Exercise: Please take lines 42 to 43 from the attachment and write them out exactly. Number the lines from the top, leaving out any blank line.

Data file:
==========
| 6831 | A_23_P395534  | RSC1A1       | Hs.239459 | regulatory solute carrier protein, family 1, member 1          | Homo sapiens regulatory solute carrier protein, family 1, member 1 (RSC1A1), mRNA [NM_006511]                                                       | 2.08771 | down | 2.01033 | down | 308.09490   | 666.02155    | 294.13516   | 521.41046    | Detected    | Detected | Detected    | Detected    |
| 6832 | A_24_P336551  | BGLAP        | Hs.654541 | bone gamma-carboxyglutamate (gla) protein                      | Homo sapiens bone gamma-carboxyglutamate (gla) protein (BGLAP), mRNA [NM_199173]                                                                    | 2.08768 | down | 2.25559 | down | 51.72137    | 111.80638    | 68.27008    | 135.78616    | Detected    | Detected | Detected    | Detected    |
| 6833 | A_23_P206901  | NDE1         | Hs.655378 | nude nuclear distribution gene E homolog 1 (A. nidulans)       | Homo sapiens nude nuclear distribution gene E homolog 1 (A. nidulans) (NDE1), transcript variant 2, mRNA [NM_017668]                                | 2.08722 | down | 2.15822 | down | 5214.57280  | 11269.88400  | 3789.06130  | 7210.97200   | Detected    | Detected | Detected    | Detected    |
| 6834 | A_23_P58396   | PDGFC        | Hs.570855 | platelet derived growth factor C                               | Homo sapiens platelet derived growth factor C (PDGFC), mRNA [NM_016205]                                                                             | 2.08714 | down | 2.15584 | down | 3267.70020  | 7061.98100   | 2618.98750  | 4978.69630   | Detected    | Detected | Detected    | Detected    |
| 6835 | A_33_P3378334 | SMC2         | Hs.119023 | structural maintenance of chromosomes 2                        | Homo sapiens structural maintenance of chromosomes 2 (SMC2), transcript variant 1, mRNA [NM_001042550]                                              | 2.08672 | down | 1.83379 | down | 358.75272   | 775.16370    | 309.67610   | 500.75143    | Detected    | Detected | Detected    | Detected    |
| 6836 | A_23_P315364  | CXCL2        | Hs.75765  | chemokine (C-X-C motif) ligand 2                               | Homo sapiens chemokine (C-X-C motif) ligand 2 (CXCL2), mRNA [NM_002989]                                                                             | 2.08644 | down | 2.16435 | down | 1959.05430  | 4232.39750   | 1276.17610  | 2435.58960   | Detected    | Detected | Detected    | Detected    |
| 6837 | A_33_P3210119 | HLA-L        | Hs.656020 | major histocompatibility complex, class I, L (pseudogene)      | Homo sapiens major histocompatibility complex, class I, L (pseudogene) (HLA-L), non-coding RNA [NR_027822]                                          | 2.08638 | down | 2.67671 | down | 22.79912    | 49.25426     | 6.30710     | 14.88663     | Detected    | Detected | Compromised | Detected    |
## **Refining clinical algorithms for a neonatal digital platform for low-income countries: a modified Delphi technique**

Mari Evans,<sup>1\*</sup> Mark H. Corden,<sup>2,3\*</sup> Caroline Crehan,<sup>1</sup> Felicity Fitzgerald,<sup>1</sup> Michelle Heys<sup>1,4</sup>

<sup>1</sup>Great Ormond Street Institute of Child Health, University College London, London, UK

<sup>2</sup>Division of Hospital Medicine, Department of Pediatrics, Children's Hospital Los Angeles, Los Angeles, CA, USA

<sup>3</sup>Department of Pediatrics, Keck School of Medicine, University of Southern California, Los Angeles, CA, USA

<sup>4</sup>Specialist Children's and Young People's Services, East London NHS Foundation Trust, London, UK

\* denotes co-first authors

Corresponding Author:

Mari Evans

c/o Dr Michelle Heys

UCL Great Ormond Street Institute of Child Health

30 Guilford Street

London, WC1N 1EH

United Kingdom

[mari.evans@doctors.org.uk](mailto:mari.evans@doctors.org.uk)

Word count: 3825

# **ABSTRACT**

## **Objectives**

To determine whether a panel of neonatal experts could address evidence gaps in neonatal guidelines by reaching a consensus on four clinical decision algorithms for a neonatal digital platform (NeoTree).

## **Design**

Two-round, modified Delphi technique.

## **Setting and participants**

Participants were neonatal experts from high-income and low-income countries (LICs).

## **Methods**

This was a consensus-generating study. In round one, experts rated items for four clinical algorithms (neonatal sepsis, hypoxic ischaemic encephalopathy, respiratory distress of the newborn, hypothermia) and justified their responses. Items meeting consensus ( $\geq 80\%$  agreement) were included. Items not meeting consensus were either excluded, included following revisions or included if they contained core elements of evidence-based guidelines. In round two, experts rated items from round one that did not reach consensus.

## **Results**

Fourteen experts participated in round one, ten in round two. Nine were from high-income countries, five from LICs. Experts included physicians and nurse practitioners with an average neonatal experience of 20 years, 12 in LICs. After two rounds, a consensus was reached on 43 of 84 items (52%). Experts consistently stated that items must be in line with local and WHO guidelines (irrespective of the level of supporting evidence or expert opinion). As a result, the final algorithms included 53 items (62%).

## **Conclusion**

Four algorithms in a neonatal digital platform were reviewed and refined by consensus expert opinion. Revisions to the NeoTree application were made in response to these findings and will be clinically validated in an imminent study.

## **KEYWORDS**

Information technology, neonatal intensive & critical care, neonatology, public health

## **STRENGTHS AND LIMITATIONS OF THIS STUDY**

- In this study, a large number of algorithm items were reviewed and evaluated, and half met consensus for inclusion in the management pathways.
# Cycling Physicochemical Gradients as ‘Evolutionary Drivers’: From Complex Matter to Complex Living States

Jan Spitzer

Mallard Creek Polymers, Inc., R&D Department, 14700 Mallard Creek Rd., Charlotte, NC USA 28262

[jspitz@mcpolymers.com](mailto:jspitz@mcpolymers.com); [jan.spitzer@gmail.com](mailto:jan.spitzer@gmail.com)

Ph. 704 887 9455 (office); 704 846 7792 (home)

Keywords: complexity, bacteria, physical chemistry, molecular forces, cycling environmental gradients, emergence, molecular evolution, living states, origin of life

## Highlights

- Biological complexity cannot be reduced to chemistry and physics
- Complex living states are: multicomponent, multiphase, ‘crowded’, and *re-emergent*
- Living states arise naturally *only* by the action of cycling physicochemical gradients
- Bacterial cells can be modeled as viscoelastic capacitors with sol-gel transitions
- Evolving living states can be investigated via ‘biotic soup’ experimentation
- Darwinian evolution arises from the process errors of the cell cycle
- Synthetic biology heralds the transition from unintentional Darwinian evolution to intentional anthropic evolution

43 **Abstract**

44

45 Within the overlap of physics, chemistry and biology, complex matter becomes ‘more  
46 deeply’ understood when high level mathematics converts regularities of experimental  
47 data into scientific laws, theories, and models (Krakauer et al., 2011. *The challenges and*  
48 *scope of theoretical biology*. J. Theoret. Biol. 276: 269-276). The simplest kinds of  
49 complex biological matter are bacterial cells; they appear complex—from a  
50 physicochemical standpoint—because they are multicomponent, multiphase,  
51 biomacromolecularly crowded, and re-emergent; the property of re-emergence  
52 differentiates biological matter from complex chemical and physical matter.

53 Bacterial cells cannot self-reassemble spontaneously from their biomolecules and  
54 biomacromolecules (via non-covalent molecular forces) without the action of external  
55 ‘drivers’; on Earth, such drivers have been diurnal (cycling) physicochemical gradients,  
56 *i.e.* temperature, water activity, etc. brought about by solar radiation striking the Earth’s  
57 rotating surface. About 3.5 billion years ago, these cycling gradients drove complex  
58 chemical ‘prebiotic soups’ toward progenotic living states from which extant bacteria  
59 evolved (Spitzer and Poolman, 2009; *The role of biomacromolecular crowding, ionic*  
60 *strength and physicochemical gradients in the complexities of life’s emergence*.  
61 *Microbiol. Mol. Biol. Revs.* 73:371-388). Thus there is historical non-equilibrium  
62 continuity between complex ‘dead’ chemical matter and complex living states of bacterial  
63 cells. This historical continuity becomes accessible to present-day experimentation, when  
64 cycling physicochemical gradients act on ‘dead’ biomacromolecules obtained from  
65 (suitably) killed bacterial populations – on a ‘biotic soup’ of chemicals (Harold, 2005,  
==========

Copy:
Jan Spitzer

Mallard Creek Polymers, Inc., R&D Department, 14700 Mallard Creek Rd., Charlotte, NC USA 28262